IS ITALY REALLY UNITED?

Published February 17, 2013 by Tony

UNITED STATES OF ITALY?
SAVOYS and BOURBONS

Article 1 of the Italian Constitution states: “Italy is a democratic republic founded on work.”
Article 5 instead states that “The Republic is one and indivisible and recognizes and promotes local autonomies.”
Last year we Italians have celebrated the 150th anniversary of Italy unity. But saying the verb “to celebrate” is a big word in this case…..
The republic (from the Latin res publica, or “public thing”) is a form of government in which sovereignty belongs to the people that exercise in the manner and within the limits set by law. The first republics formed in Italy were the Maritime Republics in 1800, a forerunner of local autonomy called  federalism. They were Italian port cities (such as Amalfi, Genoa, Pisa and Venice), from the Middle Ages, that thanks to their maritime activities enjoyed a political autonomy and an economic prosperity.
All are accustomed to consider Italy one country, a nation, but if this is true from a geographical point of view, practically it is not at a political, economic, social and cultural level. These differences, along with distrust and rivalry, are unfortunately deeply rooted.
We are very far from the U.S. federalism and it even sounds a contradiction that Italy has been one of the advocates of a united Europe.
What was the dream of many intellectuals and politicians since 1800, and that has led to numerous conflicts and wars, for having a united and independent Italy, today it is not. One wonders if the Expedition of the Thousand of Garibaldi in 1860 has been a good or a bad thing, considering that some of the North considers the South as a cause of all the ills of Italy.
There are still many “legacies” that we Italians, like it or pain, carry with us from the time of the Kingdom of the Two Sicilies (ruled by the Spanish Bourbons) and of the Kingdom of Sardinia (ruled by the French Savoy). Probably not many people know that, as historians point out, at the time of the unity, southern ​​Italy was not the most disadvantaged area, but the Levant, while the south was the first to benefit of the Savoy ameliorative policies, through free trade and improving infrastructure. The first census of 1871 shows that regions such as Lazio, Campania and Sicily, about industry, handicrafts and agriculture, were not less than Piedmont, Lombardy and Liguria, while almost all of the regions’ east along the Adriatic, except Friuli, were much less developed and productive. In the mid-nineteenth century, the public debt of the Kingdom of the Two Sicilies was about four times lower than that of the Kingdom of Sardinia. Someone else forgets that it took three wars of independence to liberate Italy from foreigners and that in any case, Savoy and Bourbon were related to each other.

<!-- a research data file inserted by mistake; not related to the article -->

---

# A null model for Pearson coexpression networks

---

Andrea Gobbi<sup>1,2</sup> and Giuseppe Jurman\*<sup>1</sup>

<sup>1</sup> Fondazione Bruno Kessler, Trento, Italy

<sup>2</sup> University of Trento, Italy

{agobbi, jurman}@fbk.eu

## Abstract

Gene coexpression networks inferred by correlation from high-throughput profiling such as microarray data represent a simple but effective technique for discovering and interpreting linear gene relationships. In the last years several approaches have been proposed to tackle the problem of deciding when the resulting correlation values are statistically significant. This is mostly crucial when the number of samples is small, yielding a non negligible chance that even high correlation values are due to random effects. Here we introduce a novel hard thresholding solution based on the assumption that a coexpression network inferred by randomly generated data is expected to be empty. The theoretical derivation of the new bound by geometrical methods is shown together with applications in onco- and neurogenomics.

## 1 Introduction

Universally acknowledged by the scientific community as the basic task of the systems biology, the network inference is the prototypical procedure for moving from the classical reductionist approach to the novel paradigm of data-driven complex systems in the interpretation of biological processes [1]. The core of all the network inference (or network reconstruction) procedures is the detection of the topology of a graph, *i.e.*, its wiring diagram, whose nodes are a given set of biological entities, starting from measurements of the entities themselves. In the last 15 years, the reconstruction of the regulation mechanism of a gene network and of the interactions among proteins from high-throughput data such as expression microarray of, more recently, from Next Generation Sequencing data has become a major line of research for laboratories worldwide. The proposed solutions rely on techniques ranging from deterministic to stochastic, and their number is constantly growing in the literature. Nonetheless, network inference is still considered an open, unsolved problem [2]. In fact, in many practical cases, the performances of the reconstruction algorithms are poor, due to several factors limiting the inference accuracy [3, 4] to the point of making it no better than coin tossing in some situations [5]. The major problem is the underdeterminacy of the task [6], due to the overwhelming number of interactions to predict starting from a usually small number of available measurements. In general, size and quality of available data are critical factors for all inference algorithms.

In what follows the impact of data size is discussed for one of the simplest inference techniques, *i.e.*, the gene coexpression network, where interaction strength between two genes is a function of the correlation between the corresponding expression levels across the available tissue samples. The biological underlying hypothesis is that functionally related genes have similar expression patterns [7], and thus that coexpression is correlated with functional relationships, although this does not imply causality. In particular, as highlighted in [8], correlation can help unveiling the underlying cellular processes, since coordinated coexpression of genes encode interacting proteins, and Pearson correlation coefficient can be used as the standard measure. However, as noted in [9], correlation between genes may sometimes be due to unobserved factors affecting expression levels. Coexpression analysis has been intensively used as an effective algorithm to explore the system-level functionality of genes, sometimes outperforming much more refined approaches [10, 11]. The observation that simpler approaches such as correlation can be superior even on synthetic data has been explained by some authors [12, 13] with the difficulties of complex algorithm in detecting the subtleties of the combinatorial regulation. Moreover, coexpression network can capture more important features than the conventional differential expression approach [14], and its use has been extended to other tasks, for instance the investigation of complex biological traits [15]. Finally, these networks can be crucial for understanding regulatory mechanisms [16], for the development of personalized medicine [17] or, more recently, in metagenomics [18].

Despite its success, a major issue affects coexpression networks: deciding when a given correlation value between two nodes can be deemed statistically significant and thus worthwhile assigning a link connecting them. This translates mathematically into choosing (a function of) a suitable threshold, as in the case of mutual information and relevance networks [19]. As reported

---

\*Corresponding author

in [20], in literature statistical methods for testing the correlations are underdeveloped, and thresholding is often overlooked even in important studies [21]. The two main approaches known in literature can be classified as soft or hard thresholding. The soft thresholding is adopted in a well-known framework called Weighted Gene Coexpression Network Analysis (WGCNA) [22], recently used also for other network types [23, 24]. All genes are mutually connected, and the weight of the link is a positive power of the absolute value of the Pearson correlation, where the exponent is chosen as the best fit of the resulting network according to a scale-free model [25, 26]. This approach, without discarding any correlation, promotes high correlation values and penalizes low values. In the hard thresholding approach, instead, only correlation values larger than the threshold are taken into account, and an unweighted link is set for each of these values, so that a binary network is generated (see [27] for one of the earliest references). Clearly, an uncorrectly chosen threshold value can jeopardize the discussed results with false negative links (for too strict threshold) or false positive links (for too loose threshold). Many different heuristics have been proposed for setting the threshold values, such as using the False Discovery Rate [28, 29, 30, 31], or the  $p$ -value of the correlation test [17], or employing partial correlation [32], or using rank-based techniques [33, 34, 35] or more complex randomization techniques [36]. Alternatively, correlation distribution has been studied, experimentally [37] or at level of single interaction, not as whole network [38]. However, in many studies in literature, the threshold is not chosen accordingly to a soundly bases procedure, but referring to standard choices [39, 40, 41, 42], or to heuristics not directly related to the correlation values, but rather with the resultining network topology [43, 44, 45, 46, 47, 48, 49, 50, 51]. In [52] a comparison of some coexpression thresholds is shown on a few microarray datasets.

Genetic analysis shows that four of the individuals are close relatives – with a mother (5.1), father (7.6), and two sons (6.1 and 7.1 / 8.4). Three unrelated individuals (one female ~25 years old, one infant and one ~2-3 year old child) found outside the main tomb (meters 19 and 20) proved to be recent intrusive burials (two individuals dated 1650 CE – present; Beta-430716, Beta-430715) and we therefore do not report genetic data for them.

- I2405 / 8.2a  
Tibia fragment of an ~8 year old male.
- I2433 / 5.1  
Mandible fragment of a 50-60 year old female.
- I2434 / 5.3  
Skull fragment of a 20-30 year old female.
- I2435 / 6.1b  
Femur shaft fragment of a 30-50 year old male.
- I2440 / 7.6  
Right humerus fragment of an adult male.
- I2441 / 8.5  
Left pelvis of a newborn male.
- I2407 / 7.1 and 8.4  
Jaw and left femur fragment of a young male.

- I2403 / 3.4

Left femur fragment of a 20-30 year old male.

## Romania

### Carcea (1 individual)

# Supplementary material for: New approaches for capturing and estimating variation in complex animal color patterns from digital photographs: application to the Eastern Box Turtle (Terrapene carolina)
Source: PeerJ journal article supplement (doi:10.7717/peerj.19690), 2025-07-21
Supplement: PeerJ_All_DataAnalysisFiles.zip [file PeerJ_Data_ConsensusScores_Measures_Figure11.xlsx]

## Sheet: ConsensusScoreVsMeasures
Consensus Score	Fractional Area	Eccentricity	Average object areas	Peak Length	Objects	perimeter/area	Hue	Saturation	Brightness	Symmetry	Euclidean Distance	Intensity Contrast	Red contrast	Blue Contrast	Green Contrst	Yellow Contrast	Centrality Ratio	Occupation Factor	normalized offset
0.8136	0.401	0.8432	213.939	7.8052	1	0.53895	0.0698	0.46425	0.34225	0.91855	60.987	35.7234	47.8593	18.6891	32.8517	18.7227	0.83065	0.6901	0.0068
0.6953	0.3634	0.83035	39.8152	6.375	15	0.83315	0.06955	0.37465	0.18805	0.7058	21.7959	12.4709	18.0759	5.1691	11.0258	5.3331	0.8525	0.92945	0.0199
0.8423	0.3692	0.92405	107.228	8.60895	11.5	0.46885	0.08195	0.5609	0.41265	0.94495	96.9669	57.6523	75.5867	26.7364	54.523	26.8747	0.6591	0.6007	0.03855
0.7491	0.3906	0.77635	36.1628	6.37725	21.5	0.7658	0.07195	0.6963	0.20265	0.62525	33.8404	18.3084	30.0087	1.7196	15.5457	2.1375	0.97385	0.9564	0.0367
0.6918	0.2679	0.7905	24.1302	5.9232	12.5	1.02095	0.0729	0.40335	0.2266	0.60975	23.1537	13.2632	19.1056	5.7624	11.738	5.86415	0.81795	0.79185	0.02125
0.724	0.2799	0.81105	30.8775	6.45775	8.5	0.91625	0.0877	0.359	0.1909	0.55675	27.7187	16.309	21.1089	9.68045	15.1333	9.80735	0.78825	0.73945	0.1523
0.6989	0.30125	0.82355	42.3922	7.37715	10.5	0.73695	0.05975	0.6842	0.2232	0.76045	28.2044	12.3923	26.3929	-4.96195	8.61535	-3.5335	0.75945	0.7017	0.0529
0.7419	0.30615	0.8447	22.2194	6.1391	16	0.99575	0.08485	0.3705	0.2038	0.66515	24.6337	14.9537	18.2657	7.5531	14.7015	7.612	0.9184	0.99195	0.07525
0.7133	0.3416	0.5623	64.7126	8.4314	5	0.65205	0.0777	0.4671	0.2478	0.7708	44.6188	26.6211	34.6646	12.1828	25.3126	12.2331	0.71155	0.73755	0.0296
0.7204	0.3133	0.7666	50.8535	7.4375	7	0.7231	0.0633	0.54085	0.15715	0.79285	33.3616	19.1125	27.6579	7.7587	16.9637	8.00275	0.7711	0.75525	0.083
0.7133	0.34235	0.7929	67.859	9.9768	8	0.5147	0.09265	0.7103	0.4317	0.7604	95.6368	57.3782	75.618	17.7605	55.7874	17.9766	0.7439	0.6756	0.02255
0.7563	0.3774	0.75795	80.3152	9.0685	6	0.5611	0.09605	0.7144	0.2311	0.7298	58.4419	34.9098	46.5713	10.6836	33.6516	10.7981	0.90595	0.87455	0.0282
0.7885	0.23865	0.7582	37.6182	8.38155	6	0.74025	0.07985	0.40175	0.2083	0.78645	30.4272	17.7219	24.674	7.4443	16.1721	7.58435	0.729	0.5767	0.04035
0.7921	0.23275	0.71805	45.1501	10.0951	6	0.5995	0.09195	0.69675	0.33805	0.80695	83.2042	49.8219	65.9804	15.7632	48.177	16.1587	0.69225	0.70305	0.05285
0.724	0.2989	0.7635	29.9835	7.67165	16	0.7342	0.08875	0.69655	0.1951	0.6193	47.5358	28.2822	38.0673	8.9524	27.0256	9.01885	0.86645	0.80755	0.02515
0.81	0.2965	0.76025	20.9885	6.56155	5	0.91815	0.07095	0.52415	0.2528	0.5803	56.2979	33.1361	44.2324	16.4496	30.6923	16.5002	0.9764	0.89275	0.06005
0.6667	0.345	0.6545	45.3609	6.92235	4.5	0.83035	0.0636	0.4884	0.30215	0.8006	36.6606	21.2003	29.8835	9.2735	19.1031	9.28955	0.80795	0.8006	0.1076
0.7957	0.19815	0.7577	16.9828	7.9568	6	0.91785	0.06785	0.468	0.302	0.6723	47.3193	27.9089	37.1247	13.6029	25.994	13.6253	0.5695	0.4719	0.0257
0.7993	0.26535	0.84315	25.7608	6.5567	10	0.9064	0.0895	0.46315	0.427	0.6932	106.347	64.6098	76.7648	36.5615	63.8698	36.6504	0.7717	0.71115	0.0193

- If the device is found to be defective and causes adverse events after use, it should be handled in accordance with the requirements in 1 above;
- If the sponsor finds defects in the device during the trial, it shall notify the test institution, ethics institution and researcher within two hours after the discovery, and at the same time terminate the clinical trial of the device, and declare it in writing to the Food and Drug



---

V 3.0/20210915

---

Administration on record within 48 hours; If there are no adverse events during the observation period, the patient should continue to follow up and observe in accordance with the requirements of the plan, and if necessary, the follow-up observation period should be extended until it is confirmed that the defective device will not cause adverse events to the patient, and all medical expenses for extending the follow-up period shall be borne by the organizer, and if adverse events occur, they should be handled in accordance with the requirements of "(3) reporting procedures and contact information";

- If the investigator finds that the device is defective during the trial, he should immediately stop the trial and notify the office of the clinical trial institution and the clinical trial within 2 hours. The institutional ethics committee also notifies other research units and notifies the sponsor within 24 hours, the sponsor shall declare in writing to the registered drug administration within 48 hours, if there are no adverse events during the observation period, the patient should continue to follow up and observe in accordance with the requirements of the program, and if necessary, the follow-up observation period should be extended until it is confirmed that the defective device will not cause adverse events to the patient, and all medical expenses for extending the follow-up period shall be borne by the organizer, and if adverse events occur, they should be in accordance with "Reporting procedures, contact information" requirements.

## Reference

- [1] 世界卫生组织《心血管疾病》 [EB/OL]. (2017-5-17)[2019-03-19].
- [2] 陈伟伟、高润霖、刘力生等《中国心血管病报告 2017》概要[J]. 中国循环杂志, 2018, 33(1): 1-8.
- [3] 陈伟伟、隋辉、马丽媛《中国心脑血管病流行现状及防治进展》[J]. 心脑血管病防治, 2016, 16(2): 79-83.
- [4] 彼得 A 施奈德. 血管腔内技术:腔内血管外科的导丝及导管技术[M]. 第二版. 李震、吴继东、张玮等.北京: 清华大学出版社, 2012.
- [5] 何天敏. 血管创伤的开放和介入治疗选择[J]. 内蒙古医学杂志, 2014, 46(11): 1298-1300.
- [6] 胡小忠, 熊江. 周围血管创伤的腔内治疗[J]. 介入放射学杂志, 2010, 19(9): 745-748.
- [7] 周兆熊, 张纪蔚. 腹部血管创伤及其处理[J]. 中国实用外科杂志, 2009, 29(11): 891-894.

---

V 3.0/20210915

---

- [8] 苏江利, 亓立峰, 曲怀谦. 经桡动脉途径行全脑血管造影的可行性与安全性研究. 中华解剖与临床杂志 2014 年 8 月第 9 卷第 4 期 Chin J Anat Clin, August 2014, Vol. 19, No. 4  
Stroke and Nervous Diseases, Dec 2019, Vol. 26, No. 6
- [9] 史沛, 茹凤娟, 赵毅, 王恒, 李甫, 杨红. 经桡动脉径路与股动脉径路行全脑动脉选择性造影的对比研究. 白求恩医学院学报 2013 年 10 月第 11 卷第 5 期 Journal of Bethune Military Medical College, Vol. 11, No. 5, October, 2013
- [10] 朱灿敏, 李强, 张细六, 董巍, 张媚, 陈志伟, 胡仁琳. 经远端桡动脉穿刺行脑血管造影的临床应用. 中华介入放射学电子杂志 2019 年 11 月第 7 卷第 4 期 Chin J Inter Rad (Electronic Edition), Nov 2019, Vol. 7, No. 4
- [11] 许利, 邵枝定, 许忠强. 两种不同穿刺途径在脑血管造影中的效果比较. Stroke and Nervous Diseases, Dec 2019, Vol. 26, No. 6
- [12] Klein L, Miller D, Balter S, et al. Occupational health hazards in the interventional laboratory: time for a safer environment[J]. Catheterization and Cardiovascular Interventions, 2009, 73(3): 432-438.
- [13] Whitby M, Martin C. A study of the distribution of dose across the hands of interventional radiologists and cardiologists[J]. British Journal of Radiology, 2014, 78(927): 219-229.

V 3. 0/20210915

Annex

What made unification more difficult was also the local identity and language, given that the Italian language was not known by all as it was not yet the national language and, as Alessandro Manzoni said, at that time it was a dead language. To the north was mainly the Piedmontese dialect and French, while Neapolitan, Roman, Sicilian and Spanish in the south. We had to wait the formation of a national identity (which probably is still missing today), the public administration and the compulsory education in 1877, to ensure that “Italian” became the national language. But despite this, still some dialects represent the everyday language for many people.
On the ideological level, at the end of the nineteenth century there were many nostalgic, northern and southern, which already propagandized and advocated the return of the Savoy in the north and of Bourbons in the south.
Having made Italy must make Italians“, as the writer Ferdinando Martini wrote, remains a dilemma never exceeded. After 150 years from the unification many Italian people wonder who “Italians” are and why they have to be together. Even within the same region there are disagreements and rivalries between various provinces, with some cities that hate another, just imagine between different regions and far between. Indeed, there is one Italy geographically but there is no Italian, there is not a national identity as it exists in other countries such as Germany, France or the USA. I wonder if a foreign country invaded the south of Italy, how many Northern people would fight willingly and, vice versa, how may southern people would went to fight to rid the north at the cost of the life.
In light of these realizations, the doubt put in the title of this post is tangible and real, unfortunately.

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